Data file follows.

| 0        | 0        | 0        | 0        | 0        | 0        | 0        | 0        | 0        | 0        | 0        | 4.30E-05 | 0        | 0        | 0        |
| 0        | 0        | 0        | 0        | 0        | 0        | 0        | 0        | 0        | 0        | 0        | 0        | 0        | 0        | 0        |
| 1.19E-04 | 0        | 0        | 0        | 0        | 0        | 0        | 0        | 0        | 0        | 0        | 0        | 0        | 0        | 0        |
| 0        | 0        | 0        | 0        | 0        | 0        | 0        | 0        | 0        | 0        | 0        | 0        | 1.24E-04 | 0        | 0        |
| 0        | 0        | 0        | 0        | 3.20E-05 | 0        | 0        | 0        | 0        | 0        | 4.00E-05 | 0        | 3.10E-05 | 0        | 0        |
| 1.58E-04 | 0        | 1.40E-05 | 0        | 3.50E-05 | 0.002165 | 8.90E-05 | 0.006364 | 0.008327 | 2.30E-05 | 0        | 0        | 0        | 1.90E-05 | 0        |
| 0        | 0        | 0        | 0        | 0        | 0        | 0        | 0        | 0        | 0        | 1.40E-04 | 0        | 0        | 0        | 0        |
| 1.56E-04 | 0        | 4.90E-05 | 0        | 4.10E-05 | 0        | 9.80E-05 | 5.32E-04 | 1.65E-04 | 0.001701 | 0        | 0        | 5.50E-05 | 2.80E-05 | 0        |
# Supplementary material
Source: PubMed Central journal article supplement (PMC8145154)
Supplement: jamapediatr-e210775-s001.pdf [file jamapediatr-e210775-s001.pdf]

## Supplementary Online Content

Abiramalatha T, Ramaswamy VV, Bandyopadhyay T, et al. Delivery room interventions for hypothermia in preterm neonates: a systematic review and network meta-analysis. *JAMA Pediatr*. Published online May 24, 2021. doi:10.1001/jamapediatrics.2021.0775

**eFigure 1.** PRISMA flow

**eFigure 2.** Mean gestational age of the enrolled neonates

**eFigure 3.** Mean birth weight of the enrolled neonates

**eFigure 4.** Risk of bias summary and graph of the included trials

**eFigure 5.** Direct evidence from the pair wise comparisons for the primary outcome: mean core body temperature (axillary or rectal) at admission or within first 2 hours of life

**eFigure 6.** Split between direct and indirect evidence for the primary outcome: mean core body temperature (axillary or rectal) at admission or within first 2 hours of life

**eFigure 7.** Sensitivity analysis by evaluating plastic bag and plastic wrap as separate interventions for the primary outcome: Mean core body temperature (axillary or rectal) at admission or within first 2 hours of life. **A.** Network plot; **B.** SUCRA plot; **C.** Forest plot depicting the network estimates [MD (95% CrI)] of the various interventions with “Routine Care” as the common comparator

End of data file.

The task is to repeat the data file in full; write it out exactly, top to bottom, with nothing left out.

| 0        | 0        | 0        | 0        | 0        | 0        | 0        | 0        | 0        | 0        | 0        | 4.30E-05 | 0        | 0        | 0        |
| 0        | 0        | 0        | 0        | 0        | 0        | 0        | 0        | 0        | 0        | 0        | 0        | 0        | 0        | 0        |
| 1.19E-04 | 0        | 0        | 0        | 0        | 0        | 0        | 0        | 0        | 0        | 0        | 0        | 0        | 0        | 0        |
| 0        | 0        | 0        | 0        | 0        | 0        | 0        | 0        | 0        | 0        | 0        | 0        | 1.24E-04 | 0        | 0        |
| 0        | 0        | 0        | 0        | 3.20E-05 | 0        | 0        | 0        | 0        | 0        | 4.00E-05 | 0        | 3.10E-05 | 0        | 0        |
| 1.58E-04 | 0        | 1.40E-05 | 0        | 3.50E-05 | 0.002165 | 8.90E-05 | 0.006364 | 0.008327 | 2.30E-05 | 0        | 0        | 0        | 1.90E-05 | 0        |
| 0        | 0        | 0        | 0        | 0        | 0        | 0        | 0        | 0        | 0        | 1.40E-04 | 0        | 0        | 0        | 0        |
| 1.56E-04 | 0        | 4.90E-05 | 0        | 4.10E-05 | 0        | 9.80E-05 | 5.32E-04 | 1.65E-04 | 0.001701 | 0        | 0        | 5.50E-05 | 2.80E-05 | 0        |
# Supplementary material
Source: PubMed Central journal article supplement (PMC8145154)
Supplement: jamapediatr-e210775-s001.pdf [file jamapediatr-e210775-s001.pdf]

## Supplementary Online Content

Abiramalatha T, Ramaswamy VV, Bandyopadhyay T, et al. Delivery room interventions for hypothermia in preterm neonates: a systematic review and network meta-analysis. *JAMA Pediatr*. Published online May 24, 2021. doi:10.1001/jamapediatrics.2021.0775

**eFigure 1.** PRISMA flow

**eFigure 2.** Mean gestational age of the enrolled neonates

**eFigure 3.** Mean birth weight of the enrolled neonates

**eFigure 4.** Risk of bias summary and graph of the included trials

**eFigure 5.** Direct evidence from the pair wise comparisons for the primary outcome: mean core body temperature (axillary or rectal) at admission or within first 2 hours of life

**eFigure 6.** Split between direct and indirect evidence for the primary outcome: mean core body temperature (axillary or rectal) at admission or within first 2 hours of life

**eFigure 7.** Sensitivity analysis by evaluating plastic bag and plastic wrap as separate interventions for the primary outcome: Mean core body temperature (axillary or rectal) at admission or within first 2 hours of life. **A.** Network plot; **B.** SUCRA plot; **C.** Forest plot depicting the network estimates [MD (95% CrI)] of the various interventions with “Routine Care” as the common comparator